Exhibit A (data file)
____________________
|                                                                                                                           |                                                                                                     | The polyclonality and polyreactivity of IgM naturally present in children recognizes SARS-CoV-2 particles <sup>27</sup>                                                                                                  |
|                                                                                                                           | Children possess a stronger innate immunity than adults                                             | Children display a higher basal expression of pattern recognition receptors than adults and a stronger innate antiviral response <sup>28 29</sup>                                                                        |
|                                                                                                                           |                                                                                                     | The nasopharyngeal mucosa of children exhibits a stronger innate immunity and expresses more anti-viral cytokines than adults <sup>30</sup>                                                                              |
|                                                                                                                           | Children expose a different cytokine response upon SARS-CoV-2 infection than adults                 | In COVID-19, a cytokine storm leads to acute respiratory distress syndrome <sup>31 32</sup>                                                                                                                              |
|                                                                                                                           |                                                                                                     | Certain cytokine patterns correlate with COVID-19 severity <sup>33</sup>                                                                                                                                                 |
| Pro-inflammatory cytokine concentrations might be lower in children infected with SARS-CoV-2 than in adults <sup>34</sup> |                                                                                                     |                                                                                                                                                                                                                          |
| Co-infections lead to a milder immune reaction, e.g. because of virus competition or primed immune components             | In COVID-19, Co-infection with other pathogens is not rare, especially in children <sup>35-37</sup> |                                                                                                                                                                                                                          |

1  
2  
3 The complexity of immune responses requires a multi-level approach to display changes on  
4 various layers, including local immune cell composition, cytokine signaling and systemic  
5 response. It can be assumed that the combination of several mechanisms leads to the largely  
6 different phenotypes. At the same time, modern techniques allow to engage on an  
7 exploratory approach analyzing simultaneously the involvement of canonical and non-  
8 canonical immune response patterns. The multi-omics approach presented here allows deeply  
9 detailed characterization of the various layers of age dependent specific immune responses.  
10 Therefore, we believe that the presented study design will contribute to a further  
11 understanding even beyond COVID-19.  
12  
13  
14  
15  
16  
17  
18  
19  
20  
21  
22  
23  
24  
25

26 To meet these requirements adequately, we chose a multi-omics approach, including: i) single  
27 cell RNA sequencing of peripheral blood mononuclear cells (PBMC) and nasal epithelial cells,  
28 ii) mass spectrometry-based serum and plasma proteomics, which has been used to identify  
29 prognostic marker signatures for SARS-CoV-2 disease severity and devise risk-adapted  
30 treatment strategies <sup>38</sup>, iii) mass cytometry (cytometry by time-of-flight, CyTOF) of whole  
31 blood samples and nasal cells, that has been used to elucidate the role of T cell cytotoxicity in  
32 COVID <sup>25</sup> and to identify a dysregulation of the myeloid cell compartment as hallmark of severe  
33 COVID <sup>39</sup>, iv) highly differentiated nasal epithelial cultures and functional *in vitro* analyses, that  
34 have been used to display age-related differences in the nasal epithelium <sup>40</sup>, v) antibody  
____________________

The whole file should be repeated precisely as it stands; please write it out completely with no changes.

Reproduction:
|                                                                                                                           |                                                                                                     | The polyclonality and polyreactivity of IgM naturally present in children recognizes SARS-CoV-2 particles <sup>27</sup>                                                                                                  |
|                                                                                                                           | Children possess a stronger innate immunity than adults                                             | Children display a higher basal expression of pattern recognition receptors than adults and a stronger innate antiviral response <sup>28 29</sup>                                                                        |
|                                                                                                                           |                                                                                                     | The nasopharyngeal mucosa of children exhibits a stronger innate immunity and expresses more anti-viral cytokines than adults <sup>30</sup>                                                                              |
|                                                                                                                           | Children expose a different cytokine response upon SARS-CoV-2 infection than adults                 | In COVID-19, a cytokine storm leads to acute respiratory distress syndrome <sup>31 32</sup>                                                                                                                              |
|                                                                                                                           |                                                                                                     | Certain cytokine patterns correlate with COVID-19 severity <sup>33</sup>                                                                                                                                                 |
| Pro-inflammatory cytokine concentrations might be lower in children infected with SARS-CoV-2 than in adults <sup>34</sup> |                                                                                                     |                                                                                                                                                                                                                          |
| Co-infections lead to a milder immune reaction, e.g. because of virus competition or primed immune components             | In COVID-19, Co-infection with other pathogens is not rare, especially in children <sup>35-37</sup> |                                                                                                                                                                                                                          |

1  
2  
3 The complexity of immune responses requires a multi-level approach to display changes on  
4 various layers, including local immune cell composition, cytokine signaling and systemic  
5 response. It can be assumed that the combination of several mechanisms leads to the largely  
6 different phenotypes. At the same time, modern techniques allow to engage on an  
7 exploratory approach analyzing simultaneously the involvement of canonical and non-  
8 canonical immune response patterns. The multi-omics approach presented here allows deeply  
9 detailed characterization of the various layers of age dependent specific immune responses.  
10 Therefore, we believe that the presented study design will contribute to a further  
11 understanding even beyond COVID-19.  
12  
13  
14  
15  
16  
17  
18  
19  
20  
21  
22  
23  
24  
25

26 To meet these requirements adequately, we chose a multi-omics approach, including: i) single  
27 cell RNA sequencing of peripheral blood mononuclear cells (PBMC) and nasal epithelial cells,  
28 ii) mass spectrometry-based serum and plasma proteomics, which has been used to identify  
29 prognostic marker signatures for SARS-CoV-2 disease severity and devise risk-adapted  
30 treatment strategies <sup>38</sup>, iii) mass cytometry (cytometry by time-of-flight, CyTOF) of whole  
31 blood samples and nasal cells, that has been used to elucidate the role of T cell cytotoxicity in  
32 COVID <sup>25</sup> and to identify a dysregulation of the myeloid cell compartment as hallmark of severe  
33 COVID <sup>39</sup>, iv) highly differentiated nasal epithelial cultures and functional *in vitro* analyses, that  
34 have been used to display age-related differences in the nasal epithelium <sup>40</sup>, v) antibody  